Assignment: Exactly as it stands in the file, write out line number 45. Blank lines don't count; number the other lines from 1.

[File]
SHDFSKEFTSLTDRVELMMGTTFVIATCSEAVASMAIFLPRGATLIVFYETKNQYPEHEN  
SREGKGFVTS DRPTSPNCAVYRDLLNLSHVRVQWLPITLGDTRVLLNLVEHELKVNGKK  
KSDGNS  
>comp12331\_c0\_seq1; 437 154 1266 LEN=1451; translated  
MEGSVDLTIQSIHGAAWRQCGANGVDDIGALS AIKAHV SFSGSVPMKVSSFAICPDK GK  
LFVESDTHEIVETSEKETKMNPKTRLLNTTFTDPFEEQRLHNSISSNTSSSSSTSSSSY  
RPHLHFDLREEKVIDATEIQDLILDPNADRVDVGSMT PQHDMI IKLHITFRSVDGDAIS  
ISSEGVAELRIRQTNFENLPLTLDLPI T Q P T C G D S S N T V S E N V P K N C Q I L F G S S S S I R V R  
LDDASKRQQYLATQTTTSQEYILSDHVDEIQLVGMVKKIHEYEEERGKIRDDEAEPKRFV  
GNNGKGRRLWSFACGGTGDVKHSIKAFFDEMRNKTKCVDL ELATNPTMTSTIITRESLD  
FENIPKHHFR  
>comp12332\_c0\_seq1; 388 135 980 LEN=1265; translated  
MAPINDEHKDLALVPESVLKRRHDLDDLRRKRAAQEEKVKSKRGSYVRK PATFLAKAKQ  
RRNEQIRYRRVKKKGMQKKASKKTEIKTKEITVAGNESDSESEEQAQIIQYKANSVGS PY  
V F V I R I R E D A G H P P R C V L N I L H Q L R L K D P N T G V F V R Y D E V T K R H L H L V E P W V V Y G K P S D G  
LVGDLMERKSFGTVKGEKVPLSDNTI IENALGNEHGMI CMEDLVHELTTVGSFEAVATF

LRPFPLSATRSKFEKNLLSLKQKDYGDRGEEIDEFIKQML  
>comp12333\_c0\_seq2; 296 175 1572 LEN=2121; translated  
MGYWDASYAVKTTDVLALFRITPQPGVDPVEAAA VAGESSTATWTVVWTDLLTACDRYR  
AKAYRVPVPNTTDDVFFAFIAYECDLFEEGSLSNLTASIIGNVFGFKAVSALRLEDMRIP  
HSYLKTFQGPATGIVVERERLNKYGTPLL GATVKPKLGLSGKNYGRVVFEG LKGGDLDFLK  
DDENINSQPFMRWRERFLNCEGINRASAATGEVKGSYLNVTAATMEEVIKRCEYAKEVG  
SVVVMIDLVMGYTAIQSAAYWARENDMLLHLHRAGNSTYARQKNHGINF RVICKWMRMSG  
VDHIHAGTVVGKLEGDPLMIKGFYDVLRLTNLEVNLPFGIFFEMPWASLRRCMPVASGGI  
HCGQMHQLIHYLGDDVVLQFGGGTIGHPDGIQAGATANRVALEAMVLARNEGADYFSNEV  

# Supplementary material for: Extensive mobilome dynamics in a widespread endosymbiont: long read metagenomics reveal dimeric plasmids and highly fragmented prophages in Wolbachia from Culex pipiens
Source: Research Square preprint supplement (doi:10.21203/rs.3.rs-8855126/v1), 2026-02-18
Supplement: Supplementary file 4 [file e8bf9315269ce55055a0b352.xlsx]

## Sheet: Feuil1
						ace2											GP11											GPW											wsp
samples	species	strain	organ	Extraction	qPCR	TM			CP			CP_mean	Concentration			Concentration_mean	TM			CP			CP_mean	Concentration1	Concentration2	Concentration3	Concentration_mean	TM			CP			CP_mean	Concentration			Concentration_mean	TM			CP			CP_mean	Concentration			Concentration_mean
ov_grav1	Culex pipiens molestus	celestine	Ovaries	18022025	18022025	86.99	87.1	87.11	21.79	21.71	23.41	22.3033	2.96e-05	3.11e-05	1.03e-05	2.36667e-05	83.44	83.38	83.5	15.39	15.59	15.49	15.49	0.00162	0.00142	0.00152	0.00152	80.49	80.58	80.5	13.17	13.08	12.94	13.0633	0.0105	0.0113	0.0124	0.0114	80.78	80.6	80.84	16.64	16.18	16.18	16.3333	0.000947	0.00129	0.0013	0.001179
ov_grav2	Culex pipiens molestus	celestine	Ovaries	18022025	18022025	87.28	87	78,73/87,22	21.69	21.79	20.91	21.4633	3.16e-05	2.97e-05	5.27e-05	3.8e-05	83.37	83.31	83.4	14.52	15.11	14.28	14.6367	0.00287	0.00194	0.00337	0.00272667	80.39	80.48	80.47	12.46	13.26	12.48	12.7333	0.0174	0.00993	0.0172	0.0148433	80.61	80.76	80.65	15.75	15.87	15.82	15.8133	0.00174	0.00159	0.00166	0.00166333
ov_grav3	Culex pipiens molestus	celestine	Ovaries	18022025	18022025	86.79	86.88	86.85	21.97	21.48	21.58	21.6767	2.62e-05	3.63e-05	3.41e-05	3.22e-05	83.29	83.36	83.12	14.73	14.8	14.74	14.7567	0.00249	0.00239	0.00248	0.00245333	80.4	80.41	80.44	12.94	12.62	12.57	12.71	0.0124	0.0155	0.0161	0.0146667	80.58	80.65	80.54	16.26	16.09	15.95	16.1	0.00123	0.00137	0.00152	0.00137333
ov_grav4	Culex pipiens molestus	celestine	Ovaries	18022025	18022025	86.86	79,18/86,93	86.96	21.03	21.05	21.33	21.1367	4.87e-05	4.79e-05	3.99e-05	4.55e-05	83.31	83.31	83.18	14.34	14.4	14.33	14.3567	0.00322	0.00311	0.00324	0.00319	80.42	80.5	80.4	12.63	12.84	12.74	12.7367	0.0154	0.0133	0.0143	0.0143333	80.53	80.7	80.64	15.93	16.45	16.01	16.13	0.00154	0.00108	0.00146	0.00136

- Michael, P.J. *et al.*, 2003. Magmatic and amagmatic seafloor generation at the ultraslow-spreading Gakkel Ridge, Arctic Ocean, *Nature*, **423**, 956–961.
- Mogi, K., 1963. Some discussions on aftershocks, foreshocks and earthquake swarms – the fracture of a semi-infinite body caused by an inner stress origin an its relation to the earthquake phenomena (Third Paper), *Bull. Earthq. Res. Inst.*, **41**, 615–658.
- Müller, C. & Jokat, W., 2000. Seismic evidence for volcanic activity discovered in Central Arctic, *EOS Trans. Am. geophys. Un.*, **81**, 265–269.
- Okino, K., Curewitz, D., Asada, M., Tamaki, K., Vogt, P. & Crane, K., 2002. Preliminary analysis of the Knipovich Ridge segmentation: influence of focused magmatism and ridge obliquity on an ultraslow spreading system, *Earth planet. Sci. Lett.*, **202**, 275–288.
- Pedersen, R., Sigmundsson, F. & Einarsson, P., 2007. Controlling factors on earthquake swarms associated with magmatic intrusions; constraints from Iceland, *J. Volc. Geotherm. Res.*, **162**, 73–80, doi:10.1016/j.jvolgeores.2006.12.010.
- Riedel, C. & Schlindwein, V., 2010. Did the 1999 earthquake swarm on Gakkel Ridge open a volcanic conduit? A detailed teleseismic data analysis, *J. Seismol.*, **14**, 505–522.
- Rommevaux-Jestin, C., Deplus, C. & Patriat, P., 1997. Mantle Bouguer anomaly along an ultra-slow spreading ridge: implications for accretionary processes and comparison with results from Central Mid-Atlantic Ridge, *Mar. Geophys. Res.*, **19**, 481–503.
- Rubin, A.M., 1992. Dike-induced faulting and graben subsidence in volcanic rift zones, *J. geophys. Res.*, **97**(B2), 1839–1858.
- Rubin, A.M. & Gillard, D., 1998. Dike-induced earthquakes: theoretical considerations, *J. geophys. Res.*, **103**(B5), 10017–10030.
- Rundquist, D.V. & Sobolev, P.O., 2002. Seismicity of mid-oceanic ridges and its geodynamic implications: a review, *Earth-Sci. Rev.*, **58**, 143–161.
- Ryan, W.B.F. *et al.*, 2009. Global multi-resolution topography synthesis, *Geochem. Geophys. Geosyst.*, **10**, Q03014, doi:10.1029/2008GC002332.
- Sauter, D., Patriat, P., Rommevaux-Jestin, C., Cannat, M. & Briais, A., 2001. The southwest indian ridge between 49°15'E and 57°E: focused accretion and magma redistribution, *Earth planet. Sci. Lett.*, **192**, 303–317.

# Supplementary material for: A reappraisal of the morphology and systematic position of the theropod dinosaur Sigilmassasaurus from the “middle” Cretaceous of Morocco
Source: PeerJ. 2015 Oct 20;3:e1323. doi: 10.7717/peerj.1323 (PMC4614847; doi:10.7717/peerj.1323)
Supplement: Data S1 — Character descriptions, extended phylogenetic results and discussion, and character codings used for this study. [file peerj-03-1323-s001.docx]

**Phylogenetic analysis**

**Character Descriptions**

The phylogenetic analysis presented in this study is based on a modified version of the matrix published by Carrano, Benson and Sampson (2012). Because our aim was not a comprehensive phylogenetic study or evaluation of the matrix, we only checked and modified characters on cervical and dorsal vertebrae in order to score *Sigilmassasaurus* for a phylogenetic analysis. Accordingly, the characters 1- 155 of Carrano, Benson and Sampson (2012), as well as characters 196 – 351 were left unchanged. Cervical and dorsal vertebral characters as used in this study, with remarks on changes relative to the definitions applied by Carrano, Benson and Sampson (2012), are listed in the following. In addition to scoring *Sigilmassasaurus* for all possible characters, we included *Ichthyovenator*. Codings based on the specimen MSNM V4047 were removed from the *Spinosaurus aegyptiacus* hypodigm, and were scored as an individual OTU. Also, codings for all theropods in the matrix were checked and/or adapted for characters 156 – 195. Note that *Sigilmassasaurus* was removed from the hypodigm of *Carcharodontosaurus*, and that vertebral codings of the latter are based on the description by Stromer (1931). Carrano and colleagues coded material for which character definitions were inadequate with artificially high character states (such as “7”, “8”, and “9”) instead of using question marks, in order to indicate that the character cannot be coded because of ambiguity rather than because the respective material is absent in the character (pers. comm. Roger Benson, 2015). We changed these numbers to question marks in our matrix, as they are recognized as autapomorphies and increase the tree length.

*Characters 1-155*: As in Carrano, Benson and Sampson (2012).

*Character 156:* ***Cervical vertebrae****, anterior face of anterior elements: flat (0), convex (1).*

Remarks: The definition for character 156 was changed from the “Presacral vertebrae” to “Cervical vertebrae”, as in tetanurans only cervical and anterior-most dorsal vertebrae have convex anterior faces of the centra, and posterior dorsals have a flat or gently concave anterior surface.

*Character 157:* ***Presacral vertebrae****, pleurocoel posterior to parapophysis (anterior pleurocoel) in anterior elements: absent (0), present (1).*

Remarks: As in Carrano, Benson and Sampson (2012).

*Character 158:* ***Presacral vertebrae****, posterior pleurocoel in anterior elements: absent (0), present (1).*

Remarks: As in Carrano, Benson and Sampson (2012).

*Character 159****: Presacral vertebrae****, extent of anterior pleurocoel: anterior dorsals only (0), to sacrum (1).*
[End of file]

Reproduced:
- Rundquist, D.V. & Sobolev, P.O., 2002. Seismicity of mid-oceanic ridges and its geodynamic implications: a review, *Earth-Sci. Rev.*, **58**, 143–161.